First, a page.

Teachers are changing how they test to counter online cheating; ethicists fear a slippery slope
With high-school students across the country fresh off exams, many teachers will be eyeing their test answers carefully. The remote school has made certain kinds of cheating easier than ever, leading students who may never have considered cheating before the pandemic to google answers, text friends or peek at their notes.
The difficult situations students face this year raise a question: Is it ever OK to cheat? Should the normal rules apply in a year that has been anything but normal?
“I know a lot of kids who will FaceTime during tests and take them together or kids who have a Google tab open during tests,” said Lucie Flagg, a high-school senior in Wexford, Pa. “I think everyone knows it’s probably not right, but it’s also the easy way out. A lot of kids are just done with remote learning and have no motivation to put in the work this year.”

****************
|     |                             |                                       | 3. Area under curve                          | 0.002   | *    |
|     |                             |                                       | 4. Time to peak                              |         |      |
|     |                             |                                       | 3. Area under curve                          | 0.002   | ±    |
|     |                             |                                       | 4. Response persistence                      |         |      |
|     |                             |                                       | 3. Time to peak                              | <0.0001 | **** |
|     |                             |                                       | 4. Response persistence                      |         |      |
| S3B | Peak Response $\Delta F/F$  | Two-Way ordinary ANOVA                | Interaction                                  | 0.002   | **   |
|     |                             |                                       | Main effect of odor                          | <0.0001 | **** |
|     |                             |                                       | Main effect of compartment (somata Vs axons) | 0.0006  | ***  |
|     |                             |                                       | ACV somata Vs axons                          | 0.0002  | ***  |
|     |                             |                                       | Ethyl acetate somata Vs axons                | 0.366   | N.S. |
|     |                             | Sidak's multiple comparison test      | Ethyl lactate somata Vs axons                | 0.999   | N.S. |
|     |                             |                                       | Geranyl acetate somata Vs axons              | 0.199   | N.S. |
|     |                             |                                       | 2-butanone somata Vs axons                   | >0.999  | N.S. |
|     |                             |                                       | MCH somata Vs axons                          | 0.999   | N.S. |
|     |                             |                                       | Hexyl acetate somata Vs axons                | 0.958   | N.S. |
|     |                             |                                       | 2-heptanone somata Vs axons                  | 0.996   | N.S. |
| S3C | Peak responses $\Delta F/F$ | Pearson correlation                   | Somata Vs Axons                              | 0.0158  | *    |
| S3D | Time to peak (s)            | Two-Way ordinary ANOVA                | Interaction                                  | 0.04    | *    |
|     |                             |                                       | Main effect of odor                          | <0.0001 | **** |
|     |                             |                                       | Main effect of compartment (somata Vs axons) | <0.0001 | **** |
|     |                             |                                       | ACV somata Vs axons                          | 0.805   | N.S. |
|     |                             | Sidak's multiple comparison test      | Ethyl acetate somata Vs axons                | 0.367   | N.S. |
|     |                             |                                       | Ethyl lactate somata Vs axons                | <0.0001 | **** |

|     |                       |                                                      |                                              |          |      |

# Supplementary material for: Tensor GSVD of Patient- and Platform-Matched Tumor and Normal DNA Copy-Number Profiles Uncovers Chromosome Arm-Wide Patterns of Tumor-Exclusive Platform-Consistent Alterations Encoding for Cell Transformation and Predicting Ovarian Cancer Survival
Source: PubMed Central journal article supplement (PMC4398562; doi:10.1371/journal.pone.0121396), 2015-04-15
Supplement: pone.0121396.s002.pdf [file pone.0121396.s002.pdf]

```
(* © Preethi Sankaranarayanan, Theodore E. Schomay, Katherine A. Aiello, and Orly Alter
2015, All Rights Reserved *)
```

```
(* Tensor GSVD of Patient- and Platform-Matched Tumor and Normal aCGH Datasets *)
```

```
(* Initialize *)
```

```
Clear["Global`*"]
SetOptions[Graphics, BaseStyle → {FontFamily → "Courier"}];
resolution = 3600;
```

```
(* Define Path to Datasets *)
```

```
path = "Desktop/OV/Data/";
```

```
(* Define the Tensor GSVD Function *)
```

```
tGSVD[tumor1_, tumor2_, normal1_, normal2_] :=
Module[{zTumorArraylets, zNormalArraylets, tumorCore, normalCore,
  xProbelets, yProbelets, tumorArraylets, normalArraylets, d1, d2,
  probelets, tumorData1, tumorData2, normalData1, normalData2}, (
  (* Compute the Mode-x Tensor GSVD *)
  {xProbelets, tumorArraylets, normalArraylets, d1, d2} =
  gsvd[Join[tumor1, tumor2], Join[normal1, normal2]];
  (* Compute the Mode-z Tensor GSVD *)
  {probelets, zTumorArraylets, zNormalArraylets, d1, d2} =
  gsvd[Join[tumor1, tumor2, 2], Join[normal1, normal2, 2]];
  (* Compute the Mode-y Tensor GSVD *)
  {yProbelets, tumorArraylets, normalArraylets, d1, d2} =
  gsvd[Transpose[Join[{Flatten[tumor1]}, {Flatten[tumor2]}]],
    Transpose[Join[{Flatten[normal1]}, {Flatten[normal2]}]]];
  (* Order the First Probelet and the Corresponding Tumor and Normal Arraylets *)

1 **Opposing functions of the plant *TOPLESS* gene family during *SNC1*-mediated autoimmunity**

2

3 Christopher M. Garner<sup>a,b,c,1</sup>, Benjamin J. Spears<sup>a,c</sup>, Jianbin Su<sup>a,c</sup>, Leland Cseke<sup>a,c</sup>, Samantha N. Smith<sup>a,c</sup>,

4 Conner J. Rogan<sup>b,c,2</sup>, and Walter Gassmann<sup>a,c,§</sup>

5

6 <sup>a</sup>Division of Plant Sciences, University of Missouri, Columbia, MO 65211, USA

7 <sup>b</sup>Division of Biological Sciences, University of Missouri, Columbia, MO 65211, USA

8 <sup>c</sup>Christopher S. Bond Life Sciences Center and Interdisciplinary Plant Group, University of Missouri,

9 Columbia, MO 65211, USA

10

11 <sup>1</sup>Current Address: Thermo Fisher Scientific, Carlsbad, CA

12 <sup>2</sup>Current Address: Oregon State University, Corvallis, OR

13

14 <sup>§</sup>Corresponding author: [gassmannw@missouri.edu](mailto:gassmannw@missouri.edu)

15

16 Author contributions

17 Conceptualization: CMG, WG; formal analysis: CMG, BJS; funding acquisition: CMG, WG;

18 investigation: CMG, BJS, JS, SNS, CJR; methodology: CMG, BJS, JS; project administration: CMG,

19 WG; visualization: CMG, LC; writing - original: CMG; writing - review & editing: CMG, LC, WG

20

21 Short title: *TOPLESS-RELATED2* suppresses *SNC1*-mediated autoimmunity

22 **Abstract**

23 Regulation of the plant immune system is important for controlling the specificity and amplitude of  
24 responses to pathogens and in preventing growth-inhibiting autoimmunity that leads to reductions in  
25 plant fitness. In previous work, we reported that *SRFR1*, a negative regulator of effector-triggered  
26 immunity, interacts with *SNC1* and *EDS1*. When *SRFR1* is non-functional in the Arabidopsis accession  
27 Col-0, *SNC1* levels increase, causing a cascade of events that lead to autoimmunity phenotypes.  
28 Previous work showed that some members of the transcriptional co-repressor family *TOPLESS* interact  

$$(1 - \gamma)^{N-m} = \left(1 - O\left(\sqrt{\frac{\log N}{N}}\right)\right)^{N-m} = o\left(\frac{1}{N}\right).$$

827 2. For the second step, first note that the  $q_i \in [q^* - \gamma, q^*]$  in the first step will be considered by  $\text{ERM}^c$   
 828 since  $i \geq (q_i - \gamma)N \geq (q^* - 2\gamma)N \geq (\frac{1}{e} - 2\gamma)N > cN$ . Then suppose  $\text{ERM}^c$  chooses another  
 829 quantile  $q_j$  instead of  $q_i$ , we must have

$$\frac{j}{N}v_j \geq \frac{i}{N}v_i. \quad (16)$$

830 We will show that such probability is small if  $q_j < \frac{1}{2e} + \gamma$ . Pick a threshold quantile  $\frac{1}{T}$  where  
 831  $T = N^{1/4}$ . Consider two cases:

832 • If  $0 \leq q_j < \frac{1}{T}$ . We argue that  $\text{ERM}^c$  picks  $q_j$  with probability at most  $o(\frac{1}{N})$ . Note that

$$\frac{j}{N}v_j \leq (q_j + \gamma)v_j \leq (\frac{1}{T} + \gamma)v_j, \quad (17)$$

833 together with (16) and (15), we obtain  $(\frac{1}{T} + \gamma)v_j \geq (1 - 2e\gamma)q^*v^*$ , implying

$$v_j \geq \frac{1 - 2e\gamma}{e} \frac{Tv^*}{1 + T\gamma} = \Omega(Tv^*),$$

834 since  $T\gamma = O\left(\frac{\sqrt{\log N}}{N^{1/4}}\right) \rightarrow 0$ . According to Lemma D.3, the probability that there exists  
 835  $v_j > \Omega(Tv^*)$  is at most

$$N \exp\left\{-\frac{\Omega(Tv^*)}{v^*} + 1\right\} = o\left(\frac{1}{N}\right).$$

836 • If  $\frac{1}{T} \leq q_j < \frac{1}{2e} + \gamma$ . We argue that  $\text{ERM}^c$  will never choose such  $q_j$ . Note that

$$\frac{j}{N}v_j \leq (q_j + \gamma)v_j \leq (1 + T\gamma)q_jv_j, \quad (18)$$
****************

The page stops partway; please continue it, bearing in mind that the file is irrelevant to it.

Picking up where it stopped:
She says that teachers have told students they are aware that cheating is happening and some have said they feel powerless to stop it. Some teachers have imposed time limits on tests, making it harder to cheat. Lucie said it’s easier to have actually studied the material in those cases because looking up answers in books or on Google takes too long. Other teachers, she said, have switched to open-notes tests.
Lucie said teachers at her school don’t require students’ cameras to be on during tests. Some schools do. Other districts are using sometimes-controversial tech to catch or prevent cheating, such as AI-powered online proctoring services and software that can lock down browsers. The principal at her school, North Allegheny Senior High School, declined to comment.